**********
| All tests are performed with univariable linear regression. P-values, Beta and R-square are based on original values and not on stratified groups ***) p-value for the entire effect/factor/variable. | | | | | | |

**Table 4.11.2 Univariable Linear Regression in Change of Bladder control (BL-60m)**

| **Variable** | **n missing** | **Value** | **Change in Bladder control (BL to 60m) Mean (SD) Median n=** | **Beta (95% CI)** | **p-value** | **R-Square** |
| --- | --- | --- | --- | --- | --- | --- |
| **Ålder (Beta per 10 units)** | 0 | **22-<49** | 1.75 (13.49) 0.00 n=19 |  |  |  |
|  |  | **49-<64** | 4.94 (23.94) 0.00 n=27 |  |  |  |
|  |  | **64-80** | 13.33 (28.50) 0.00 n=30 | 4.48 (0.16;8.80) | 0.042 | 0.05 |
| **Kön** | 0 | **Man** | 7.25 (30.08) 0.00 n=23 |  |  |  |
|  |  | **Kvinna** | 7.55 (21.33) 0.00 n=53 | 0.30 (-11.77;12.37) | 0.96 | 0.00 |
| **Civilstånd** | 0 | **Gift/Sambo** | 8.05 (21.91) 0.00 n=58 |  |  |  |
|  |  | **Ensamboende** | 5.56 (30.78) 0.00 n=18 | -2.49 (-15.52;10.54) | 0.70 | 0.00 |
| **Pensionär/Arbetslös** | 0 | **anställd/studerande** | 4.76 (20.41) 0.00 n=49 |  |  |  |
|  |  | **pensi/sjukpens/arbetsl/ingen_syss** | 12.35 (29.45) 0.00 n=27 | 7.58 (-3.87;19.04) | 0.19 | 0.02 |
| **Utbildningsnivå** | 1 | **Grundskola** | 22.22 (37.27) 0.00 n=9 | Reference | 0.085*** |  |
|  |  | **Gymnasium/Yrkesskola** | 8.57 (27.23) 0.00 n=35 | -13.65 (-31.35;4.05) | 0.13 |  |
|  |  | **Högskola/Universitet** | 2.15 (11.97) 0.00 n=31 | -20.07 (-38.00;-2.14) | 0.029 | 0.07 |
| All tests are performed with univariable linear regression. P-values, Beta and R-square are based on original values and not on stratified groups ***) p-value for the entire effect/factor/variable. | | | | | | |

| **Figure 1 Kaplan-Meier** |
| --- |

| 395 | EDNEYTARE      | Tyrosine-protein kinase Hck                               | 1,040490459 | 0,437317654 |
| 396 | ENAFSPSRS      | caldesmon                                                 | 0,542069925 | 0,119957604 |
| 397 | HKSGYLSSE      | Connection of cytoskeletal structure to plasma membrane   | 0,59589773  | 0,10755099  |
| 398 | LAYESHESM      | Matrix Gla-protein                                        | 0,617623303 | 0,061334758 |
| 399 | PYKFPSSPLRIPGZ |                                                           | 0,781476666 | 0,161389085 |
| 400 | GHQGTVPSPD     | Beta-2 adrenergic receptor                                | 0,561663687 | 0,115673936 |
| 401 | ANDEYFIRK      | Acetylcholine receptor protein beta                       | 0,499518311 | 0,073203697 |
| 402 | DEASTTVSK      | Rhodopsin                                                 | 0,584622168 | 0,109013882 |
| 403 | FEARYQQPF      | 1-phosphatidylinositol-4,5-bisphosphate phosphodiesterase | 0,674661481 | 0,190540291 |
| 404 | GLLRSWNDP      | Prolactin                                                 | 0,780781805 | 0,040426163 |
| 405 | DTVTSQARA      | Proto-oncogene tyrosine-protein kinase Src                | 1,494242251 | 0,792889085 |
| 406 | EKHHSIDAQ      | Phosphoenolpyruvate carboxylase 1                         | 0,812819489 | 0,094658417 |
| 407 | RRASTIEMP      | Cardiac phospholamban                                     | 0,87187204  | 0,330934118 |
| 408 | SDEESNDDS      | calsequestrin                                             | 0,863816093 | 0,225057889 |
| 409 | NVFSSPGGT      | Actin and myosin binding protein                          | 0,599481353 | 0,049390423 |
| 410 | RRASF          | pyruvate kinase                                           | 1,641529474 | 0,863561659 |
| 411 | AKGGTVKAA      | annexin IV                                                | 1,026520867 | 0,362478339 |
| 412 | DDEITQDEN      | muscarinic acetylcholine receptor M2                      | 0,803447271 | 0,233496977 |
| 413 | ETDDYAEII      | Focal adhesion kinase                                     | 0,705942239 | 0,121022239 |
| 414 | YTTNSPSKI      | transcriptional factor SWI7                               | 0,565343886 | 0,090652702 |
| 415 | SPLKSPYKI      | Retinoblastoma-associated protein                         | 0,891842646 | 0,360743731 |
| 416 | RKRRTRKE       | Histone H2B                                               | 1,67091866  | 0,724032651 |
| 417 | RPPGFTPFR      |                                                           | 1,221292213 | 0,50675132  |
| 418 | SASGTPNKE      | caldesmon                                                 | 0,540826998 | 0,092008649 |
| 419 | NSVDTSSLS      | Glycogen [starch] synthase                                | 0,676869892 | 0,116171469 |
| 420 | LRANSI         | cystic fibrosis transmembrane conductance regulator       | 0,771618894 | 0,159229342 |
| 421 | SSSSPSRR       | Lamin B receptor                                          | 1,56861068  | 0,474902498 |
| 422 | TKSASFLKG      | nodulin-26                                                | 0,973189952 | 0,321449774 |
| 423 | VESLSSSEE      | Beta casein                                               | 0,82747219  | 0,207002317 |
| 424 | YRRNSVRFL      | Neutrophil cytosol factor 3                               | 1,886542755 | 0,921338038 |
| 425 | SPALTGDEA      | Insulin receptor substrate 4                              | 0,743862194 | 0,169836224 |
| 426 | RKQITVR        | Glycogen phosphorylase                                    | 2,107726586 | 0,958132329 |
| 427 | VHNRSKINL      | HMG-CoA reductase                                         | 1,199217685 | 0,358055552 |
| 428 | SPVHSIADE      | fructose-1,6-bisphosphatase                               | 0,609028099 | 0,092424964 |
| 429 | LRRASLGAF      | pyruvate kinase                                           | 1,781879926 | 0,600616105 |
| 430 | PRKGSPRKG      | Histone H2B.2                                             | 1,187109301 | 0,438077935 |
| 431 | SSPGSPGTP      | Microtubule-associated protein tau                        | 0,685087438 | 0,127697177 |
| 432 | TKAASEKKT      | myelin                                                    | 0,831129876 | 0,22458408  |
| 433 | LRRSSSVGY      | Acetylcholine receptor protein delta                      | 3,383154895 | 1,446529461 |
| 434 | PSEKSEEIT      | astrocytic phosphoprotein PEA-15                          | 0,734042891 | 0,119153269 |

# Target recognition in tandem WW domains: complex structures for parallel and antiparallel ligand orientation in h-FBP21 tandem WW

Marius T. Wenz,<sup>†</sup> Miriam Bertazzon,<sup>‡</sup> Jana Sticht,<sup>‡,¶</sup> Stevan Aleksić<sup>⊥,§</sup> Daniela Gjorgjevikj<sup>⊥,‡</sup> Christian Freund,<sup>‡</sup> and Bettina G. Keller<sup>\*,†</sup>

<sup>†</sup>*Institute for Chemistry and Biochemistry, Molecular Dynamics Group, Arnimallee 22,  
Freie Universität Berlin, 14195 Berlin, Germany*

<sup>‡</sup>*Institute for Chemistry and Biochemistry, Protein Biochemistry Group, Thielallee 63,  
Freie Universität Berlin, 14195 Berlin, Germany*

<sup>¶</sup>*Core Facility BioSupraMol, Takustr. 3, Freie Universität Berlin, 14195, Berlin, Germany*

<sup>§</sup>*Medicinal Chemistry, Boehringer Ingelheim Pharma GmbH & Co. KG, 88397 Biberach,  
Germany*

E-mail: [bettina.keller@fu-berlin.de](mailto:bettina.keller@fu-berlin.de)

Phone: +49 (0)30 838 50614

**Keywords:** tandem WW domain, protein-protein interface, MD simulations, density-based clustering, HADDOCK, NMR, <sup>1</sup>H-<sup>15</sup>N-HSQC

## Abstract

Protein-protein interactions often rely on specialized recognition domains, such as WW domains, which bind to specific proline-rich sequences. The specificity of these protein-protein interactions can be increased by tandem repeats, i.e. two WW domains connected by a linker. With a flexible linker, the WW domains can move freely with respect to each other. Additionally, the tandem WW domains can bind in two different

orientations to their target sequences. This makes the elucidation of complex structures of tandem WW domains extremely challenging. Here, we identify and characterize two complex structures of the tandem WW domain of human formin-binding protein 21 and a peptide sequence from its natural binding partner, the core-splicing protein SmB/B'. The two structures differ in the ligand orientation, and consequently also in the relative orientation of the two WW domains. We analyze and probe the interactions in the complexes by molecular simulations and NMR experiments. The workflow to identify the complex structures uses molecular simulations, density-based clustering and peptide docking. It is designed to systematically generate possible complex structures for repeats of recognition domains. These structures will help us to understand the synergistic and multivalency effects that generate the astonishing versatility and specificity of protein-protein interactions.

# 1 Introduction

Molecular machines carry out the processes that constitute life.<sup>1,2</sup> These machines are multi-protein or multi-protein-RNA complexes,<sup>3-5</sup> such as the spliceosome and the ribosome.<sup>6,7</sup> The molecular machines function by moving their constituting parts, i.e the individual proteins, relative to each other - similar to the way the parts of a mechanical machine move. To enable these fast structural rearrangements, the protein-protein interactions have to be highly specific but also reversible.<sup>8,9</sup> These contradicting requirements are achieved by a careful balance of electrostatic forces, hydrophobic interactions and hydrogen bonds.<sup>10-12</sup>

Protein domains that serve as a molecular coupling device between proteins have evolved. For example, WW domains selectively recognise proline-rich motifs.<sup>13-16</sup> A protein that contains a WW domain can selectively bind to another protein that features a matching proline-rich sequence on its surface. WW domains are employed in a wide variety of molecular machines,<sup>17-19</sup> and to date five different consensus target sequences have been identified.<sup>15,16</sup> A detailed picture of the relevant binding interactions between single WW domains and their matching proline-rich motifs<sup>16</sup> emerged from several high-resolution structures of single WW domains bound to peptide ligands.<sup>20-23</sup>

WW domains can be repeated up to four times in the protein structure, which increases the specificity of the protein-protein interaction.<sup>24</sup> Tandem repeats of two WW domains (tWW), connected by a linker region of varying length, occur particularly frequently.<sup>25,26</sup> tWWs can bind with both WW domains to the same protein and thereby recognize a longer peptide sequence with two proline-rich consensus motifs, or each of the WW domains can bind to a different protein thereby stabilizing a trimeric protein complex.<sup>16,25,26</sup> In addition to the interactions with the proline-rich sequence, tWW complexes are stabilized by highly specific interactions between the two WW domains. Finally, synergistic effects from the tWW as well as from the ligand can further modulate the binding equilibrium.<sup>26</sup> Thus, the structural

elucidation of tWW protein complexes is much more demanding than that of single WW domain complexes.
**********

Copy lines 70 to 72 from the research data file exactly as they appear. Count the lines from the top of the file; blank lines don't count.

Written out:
Phone: +49 (0)30 838 50614

**Keywords:** tandem WW domain, protein-protein interface, MD simulations, density-based clustering, HADDOCK, NMR, <sup>1</sup>H-<sup>15</sup>N-HSQC

## Abstract